Anderson Silva Miffed Over Mark Munoz's Challenge, but Story's Not Quite So Simple

On the surface, it seems that Anderson Silva is a very sensitive fellow. Let's just examine the last couple years of drama so that we have this straight. Silva was upset at Vitor Belfort's "betrayal" for accepting a fight with him. He was incensed by Demian Maia for some supposedly offensive comments. He thinks Chael Sonnen is the most disrespectful guy in the sport. And now, he seems a bit angered that Mark Munoz is interested in fighting him.

During a recent media day with Brazil's Globo TV, Silva was asked about Munoz's post-UFC 138 request for a title fight with Silva. As callouts go, it was among the tamest we've seen. Just moments after his victory over Chris Leben, Munoz prefaced his appeal by calling Silva "by far the best pound-for-pound fighter" and then asking to face him. Silva responded that he had not seen it, but it was clear he was miffed.

"For me, Munoz was my friend, but that's okay," he said.

Reading between the lines of a simple comment, Silva is suggesting betrayal with the insinuation that Munoz is no longer his friend. The two have spent time training together in the past, with Munoz shoring up the Spider's wrestling, and the UFC middleweight champ helping to tighten up Munoz's striking. They've worked and sweat together, and in Silva's mind, that bond should not be broken by the possibility of a payday.


Easy for him to say. Silva has earned big money and big fame, but if he were on the outside looking in, with a friend looking down and wagging a finger in his face at his hopes and aspirations, he might not feel quite the same way.

That's the simple way of looking at this. But there is another way.

Michael Jordan was inducted into the Basketball Hall of Fame in 2009. During his 22-minute acceptance speech -- usually a celebration of achievement -- Jordan verbally lashed the doubters, haters and foes that he'd already conquered years before. He derided the coach that had famously cut him from his high school team, players, executives, media, anyone who he felt had wronged or underrated him during his career.

The speech was panned as mean-spirited and cruel, but it was certainly a window into Jordan's ultra-competitive nature. If you gave him a reason -- or even if you didn't but he needed to invent one -- Jordan would find a way to resent you, and use that as motivation to push himself towards greatness.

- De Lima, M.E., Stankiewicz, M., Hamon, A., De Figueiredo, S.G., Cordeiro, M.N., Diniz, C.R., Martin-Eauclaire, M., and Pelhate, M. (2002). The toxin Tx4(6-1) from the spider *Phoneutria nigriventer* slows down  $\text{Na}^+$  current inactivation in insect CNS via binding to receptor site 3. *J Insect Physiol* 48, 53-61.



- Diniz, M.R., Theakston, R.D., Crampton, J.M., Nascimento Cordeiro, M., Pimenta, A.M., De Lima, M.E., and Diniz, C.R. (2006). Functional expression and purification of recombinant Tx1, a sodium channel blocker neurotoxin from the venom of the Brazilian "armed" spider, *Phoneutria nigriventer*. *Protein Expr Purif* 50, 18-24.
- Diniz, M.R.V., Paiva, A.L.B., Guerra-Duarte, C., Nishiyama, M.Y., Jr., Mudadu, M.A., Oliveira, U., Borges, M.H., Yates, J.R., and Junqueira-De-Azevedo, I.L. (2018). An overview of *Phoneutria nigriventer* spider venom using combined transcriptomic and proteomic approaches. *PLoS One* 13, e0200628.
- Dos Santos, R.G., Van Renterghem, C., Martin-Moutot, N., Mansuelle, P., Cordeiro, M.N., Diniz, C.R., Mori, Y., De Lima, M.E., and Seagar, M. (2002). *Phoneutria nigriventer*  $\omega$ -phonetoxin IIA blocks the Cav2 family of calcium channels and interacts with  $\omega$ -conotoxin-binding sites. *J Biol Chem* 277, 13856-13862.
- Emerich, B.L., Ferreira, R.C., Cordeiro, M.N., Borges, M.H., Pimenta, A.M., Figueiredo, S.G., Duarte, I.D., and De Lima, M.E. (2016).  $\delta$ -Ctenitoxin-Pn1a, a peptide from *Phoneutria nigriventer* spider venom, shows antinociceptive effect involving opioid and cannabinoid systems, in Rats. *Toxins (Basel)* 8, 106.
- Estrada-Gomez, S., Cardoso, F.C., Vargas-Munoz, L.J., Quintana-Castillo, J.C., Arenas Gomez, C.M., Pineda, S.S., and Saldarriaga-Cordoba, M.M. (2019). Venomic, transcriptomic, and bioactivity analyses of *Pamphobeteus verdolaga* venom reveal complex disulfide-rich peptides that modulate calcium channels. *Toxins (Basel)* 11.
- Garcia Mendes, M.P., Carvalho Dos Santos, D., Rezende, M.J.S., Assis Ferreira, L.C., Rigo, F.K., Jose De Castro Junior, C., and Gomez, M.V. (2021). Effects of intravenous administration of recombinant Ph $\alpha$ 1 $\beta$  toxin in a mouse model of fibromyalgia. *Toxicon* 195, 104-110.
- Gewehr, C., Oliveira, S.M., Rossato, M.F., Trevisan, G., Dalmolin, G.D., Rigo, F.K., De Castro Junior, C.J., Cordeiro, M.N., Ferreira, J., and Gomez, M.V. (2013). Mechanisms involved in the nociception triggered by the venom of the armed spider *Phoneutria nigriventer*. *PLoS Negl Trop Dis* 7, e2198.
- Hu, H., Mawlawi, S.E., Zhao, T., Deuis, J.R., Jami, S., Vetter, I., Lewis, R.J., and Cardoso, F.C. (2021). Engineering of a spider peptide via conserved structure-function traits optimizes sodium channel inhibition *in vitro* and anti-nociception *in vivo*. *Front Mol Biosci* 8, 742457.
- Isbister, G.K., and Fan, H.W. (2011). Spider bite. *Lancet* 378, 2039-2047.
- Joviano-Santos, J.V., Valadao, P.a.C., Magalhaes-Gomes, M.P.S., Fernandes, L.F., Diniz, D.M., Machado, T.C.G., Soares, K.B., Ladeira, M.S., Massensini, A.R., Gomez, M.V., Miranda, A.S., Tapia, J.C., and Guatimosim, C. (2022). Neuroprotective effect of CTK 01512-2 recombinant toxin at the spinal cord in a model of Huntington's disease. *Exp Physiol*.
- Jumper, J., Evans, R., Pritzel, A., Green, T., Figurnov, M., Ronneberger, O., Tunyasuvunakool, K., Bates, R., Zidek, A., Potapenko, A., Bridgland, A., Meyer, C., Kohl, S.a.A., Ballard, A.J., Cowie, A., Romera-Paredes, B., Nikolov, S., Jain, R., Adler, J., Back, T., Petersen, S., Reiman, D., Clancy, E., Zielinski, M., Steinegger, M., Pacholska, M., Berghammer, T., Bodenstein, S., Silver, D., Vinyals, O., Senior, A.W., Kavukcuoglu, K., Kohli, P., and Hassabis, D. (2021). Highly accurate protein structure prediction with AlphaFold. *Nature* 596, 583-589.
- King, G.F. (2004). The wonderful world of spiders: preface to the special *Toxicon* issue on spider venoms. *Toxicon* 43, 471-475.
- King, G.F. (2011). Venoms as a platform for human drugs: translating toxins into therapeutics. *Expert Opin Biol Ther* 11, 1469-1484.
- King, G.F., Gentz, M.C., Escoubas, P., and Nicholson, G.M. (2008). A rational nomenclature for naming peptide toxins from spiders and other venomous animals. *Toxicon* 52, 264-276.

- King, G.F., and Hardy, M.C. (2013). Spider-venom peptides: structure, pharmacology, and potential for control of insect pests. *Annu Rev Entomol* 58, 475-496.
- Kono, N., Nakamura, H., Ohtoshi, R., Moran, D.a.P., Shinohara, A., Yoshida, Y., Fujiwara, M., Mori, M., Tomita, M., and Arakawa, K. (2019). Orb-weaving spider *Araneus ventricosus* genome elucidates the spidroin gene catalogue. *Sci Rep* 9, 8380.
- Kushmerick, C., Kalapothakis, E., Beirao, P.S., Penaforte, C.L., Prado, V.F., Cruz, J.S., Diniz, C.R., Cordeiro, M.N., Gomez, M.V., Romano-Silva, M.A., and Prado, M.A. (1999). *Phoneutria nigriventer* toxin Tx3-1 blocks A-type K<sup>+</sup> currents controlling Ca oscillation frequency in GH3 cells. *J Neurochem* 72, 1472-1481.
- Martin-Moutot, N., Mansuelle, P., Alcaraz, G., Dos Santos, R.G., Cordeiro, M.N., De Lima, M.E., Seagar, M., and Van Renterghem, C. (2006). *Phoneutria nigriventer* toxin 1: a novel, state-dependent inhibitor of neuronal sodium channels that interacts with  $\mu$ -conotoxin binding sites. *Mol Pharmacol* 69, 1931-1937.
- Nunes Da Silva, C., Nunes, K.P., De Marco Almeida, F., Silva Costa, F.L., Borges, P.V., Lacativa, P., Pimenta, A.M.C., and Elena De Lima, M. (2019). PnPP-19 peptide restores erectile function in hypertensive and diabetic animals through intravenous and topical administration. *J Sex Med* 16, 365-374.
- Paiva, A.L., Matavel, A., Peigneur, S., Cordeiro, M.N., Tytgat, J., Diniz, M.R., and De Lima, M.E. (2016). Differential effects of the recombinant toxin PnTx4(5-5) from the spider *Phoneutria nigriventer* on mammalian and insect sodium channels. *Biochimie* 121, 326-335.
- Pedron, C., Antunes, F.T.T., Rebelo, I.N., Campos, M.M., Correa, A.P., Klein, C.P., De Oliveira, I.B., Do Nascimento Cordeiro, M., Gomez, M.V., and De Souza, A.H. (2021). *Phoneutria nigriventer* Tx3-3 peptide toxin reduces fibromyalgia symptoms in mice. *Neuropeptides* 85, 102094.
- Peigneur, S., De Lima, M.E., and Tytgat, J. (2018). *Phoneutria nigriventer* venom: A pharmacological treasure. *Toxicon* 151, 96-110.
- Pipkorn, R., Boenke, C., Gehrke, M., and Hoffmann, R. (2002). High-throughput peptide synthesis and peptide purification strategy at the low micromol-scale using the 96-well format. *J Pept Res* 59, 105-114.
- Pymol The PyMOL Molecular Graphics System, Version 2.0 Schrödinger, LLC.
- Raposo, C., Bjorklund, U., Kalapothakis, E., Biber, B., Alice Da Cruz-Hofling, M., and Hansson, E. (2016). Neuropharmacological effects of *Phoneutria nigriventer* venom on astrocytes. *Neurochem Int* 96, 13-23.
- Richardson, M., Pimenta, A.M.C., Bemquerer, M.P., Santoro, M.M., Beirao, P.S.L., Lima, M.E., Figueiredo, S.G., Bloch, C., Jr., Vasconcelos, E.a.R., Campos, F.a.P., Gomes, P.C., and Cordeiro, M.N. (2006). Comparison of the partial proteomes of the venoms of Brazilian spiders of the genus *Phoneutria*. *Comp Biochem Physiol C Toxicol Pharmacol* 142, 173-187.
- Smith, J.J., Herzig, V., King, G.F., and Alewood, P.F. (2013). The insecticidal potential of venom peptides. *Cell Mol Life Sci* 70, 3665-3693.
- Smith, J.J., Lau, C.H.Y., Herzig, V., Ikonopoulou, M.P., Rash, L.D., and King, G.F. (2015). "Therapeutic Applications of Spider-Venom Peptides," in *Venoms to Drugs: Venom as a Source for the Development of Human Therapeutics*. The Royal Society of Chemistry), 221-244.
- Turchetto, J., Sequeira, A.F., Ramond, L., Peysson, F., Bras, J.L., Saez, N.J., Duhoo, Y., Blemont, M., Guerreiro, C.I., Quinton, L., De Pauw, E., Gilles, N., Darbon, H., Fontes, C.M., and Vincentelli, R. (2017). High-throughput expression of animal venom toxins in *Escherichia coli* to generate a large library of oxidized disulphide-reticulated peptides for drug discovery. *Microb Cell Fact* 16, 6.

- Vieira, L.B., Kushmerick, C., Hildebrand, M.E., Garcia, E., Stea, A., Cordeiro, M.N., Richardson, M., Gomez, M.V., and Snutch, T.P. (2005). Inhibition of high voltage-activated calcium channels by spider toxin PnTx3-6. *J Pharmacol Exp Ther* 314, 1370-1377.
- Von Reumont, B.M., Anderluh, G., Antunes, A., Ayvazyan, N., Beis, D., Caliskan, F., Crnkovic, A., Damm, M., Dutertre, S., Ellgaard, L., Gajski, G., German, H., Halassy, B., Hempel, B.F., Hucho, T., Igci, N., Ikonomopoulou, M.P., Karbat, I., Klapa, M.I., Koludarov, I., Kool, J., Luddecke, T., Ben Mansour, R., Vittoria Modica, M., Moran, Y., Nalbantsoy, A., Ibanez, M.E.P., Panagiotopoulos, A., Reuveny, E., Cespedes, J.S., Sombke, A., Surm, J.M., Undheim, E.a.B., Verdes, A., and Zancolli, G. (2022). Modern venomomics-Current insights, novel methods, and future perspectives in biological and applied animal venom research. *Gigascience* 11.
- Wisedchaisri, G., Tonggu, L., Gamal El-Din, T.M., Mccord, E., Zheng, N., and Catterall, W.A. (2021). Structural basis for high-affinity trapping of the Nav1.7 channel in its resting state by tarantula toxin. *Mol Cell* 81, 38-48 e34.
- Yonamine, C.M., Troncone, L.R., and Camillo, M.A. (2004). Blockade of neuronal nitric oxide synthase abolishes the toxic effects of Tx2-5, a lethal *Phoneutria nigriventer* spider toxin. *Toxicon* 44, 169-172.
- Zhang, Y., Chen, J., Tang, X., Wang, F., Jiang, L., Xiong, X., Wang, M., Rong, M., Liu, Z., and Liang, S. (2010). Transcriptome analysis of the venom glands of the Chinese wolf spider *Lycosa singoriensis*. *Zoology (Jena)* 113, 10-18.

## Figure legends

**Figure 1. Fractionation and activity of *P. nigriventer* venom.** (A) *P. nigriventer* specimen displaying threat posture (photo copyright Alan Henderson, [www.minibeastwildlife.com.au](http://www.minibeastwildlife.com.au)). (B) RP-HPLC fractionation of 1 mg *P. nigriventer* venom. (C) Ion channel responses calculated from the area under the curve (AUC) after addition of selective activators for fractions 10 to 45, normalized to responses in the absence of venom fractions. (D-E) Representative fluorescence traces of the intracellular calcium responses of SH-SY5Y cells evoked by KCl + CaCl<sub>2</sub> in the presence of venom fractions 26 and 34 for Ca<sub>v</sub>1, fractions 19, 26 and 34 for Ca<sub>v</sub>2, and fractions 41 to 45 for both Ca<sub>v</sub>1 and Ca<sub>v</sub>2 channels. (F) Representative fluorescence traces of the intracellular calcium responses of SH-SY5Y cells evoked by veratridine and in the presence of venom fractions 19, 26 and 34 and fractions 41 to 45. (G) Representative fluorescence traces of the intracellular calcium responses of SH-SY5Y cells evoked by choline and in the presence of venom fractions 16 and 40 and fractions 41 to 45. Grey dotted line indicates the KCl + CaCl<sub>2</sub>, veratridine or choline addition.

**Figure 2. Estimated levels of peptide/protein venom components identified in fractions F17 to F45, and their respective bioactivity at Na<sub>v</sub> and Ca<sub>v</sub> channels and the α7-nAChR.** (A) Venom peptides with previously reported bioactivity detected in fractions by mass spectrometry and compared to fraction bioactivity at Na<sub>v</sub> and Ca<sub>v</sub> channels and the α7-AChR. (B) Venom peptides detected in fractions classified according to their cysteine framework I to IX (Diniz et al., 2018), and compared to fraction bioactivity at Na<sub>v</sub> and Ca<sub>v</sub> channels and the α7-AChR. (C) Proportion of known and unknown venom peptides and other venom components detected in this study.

I suspect this is the same phenomenon we're seeing with Silva, who by the time he is done with his career, may retire as this sport's MJ.

The greatest operate on a level most of us can never truly understand. The drive, determination and motivation to push themselves to a level that few possess comes from within, and is often powered by what we'll call "alternative fuel sources." It's not simply about proving you're the best, it's about shutting up the challengers and making believers out of the skeptics.

There is a story about Silva stemming from his 2006 knockout of Tony Fryklund, the fight that led to his signing by the UFC, that is telling in that regard.

Silva has told the story a couple of times about the fact that he saw the knockout strike -- a reverse uppercut elbow -- in a movie, and decided to add it into his arsenal. For weeks leading up to the fight, he practiced it hundreds of times a day in hopes of perfecting it. But in his telling, he adds in the detail that those around him warned him and pleaded with him against using it. His wife told him he would get knocked out. His trainer and one of his close friends advised him that it had no chance of working. Despite the protestations -- or more likely, because of them -- Silva could not keep himself from trying it and proving them wrong. The way he tells the story, he closes it out by reminding everyone, "And yes, it ended up working."

Some of sport's greats have to invent personal wars to drive them forward. Just the same way Jordan's legendary competitive streak fueled him to out-work the NBA's best, Silva sees conflict where there isn't any as a means of motivation. That's why he came into the Belfort fight with a sneer, why he toyed with Maia, why he can't bring himself to dignify Sonnen's challenge, and even why he feels offended when an acquaintance wants to fight him.

To Silva, a fight isn't a simple sporting contest, it is a challenge of personal wills. Whenever anyone says or does anything to threaten his, an alarm bell goes off in his head. Statements get filed away for future reference, and maybe even reinterpreted to be something they are not. On the surface, it seems like he's simply sensitive, but this is the way he sees things. This is the way he's reached this level. Any perceived slight is a reason to train harder. Any real insult is a declaration of war.

Munoz may try to explain himself and offer a rational, reasoned case for facing his friend, but as long as he wants the fight, it will be an exercise in futility. Silva will feel the same way. To us, Munoz is just a guy hoping to reach his full potential. But to Silva, he has committed a personal betrayal of the highest order. He is a friend turned foe. Whether right or wrong, his perception becomes his reality, and motivation appears where before there was none. Welcome to the "Spider's" web.

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